Irving Rosenthal introduced Ira to L.E.S. underground film legend Jack Smith (1932 – 1989). Jack, was a radical, creative, gay, visionary who carved his own unique path. And like almost everyone connected to Ira, he was a one-of-a-kind original. It seems that Jack Smith mesmerized Ira.

Finally, I met the great Ira Cohen. On Aug., 22, 1989, I made my first Ira Cohen video. Over the years, I have a number of videotapes and photographs of Ira.

Linda Twigg is another very intriguing downtown woman who looped through different parts of the various Downtown scenes. Linda ran a gambling supply business, which included manufacturing made-to-order clay poker chips for casinos. Linda was an established and serious Downtown pot dealer. Linda rented a room in the Chelsea Hotel which she used as a gambling den. Linda was small, a little over 5 feet tall, but she was the wrong person to cross or to try and rip off.

Linda was a generous soul and she took care of her friends. Herbert Huncke, (1915 – 1996) the Beat writer stayed in her Chelsea room. In the Downtown underground scene Linda was a central figure, a high-energy vortex, and she generously helped out many struggling artists.

In 1990 when Paragon House press released “Guilty of Everything: The Autobiography of Herbert Huncke,” Linda celebrated the occasion by throwing a book-signing party at the Chelsea Hotel. Ira Cohen was there, along with a dozen other luminaries from the writing world.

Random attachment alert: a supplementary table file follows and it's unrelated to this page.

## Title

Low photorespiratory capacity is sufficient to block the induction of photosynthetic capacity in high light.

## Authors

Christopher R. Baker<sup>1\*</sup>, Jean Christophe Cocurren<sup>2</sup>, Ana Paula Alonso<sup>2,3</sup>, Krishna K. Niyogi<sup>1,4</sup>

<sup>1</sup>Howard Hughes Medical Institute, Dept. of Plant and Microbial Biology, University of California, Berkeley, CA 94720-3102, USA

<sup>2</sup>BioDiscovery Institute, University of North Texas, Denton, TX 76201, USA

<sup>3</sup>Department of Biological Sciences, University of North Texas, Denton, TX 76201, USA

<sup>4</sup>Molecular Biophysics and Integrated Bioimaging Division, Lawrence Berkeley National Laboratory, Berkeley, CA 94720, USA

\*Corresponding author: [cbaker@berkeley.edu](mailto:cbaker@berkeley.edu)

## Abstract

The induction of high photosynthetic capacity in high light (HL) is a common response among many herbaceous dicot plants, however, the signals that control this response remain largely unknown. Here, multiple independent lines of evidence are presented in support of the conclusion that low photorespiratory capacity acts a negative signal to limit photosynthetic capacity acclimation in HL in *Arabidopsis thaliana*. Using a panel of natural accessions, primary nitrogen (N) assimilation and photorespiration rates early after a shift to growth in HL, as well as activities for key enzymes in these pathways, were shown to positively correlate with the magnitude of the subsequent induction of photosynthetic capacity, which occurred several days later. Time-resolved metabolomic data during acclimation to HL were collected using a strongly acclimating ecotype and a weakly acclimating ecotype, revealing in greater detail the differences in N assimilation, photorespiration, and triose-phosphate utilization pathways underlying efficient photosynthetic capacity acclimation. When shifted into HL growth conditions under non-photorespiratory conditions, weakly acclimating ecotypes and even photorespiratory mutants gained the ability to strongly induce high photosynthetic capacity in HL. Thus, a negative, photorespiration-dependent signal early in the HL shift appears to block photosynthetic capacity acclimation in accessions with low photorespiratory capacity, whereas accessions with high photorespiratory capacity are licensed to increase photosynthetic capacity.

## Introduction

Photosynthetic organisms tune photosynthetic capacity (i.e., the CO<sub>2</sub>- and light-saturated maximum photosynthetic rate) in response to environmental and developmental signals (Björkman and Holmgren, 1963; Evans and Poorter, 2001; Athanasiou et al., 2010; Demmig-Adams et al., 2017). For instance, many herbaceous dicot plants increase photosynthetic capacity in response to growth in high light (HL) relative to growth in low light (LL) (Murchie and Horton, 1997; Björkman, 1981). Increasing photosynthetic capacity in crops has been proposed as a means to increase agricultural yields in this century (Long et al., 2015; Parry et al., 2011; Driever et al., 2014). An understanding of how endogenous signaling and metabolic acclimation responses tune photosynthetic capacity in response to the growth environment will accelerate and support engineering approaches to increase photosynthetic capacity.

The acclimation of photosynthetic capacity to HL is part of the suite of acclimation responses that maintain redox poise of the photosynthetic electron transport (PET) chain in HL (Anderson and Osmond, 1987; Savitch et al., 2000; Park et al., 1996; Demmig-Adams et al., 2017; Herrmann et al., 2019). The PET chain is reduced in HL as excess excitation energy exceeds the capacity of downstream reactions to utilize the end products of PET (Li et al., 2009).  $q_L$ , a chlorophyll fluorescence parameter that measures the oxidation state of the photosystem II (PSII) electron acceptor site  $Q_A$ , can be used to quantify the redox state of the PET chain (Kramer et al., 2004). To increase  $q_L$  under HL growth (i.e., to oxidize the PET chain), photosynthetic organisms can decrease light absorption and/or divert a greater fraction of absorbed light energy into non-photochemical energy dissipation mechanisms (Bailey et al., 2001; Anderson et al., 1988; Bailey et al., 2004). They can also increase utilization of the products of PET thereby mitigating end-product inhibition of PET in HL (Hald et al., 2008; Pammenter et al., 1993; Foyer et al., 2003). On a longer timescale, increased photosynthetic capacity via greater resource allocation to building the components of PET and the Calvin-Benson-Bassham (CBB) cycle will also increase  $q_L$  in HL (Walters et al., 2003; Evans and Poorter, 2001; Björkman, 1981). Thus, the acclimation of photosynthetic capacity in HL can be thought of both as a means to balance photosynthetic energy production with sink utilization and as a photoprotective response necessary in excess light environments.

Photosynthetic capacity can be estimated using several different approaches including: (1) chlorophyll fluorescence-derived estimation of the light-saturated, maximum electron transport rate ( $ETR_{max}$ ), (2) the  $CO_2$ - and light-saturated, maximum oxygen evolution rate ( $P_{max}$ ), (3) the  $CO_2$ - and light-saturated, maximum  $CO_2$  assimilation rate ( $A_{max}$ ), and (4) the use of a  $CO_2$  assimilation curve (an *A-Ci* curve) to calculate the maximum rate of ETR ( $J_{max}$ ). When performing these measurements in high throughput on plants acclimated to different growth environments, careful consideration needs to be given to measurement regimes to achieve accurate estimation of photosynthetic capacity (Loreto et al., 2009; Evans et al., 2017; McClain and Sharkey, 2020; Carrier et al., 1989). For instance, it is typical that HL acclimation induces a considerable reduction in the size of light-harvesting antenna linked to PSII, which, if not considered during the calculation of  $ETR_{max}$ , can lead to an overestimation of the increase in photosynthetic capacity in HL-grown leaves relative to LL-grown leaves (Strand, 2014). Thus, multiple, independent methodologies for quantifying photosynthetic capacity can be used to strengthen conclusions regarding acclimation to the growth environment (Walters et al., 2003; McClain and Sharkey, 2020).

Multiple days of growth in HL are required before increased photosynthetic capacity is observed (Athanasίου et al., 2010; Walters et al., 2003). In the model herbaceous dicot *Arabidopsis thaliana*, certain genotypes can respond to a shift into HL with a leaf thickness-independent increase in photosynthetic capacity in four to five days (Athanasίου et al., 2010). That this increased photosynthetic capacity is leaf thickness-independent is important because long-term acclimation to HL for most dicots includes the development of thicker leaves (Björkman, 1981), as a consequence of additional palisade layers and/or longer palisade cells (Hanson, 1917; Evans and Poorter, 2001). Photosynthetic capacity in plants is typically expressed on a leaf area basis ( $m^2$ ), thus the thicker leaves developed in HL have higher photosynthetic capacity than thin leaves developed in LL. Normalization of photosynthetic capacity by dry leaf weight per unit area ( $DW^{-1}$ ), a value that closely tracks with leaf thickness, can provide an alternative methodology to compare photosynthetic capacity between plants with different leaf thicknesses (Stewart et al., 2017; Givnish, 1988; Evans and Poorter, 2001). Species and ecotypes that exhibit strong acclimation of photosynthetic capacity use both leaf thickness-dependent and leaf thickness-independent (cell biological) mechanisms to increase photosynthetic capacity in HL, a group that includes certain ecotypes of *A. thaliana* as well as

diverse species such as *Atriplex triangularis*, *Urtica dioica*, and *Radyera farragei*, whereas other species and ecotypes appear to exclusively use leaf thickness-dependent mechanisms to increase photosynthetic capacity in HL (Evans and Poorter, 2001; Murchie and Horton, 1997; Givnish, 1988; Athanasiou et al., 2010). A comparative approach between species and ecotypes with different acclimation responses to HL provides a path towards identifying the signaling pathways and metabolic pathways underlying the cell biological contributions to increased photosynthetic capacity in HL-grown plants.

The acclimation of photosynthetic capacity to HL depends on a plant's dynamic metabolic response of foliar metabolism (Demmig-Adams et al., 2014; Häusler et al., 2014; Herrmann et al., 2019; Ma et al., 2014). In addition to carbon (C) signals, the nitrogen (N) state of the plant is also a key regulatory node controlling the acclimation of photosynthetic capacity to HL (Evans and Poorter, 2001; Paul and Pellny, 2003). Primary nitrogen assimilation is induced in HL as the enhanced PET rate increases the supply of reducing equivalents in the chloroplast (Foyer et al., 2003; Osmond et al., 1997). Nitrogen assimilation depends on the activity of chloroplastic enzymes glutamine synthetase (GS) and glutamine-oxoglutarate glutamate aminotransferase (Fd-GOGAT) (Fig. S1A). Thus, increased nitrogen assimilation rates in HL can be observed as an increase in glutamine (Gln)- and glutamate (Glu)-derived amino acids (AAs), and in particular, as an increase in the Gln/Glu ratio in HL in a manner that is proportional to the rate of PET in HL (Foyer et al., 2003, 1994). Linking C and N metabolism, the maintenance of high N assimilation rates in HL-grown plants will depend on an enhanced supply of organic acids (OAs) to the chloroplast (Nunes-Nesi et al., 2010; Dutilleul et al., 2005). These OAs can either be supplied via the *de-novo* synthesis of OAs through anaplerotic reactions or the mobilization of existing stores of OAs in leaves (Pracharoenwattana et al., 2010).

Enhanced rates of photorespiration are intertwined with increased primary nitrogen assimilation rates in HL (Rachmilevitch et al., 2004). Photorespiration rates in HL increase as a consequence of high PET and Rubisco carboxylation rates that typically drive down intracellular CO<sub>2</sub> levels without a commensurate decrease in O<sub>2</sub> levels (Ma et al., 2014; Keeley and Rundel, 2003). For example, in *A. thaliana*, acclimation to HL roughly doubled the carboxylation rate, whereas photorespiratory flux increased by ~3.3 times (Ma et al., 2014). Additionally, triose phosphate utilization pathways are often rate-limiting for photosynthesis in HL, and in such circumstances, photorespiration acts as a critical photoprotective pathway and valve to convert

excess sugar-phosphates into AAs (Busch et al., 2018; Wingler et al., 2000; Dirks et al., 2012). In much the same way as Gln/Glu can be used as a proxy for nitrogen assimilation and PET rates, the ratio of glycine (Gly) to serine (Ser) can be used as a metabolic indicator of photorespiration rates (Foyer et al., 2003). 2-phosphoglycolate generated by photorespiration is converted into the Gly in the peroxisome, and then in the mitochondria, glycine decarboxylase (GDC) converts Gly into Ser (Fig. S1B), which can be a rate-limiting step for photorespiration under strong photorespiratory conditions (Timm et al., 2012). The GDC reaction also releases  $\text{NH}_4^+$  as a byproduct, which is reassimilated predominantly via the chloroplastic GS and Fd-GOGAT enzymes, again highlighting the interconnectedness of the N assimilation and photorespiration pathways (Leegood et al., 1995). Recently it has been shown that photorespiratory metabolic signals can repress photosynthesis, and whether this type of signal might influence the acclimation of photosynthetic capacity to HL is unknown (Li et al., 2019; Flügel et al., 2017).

Another friend, Abel Zug, was editing a history book called “Orgies of the Hemp Eater Cuisine, Slang, Literature & Ritual of Cannabis Culture” (Autonomedia, 2004). Because Ira, using the pseudonym Panama Rose, self-published “The Hashish Cookbook” (1966), I felt he would be a good fit in the book. Ira is in the book. I’m credited as editorial and creative adviser.

Ira Cohen was a guest at my gallery for at least two different shows. I also met him a number of times at the Chelsea Hotel.

I love and admire Judith Malina and Hanon Reznikov and our paths crossed numerous times, and almost all of those times included Ira Cohen. Lionel Ziprin and I started to show the 20-hour video “Book of Logic – Lionel Ziprin” at Anthology Film Archives — a video shot and produced by Clayton Patterson, read by Lionel Ziprin and Clayton Patterson, in 10 2-hour readings. First night, full house. But by night three, the seats emptied down to Clayton Patterson, Lionel Ziprin, Debra Freeman and Ira Cohen. Ira and I traded — an Ira photo for a Clayton Skull Cap.

The N.Y.C. period Ira was active and created in was a time when individuality counted, and original outside-the-box thinkers, creators and visionaries were respected. Rent was cheap. The cost of living was affordable.

But then art got turned into a commodity, a product that was loved for the profit a “smart” collector or artist could make buying and selling the merchandise. The dealer became more important than the artist. Hype created money, which trumped the intrinsic value of a work of art.

A memorial event for Ira Cohen (1935 – 2011), poet, filmmaker, photographer, will be held Sun., Feb. 5, from 6 p.m. to 10 p.m., at The Living Theatre, 21 Clinton St.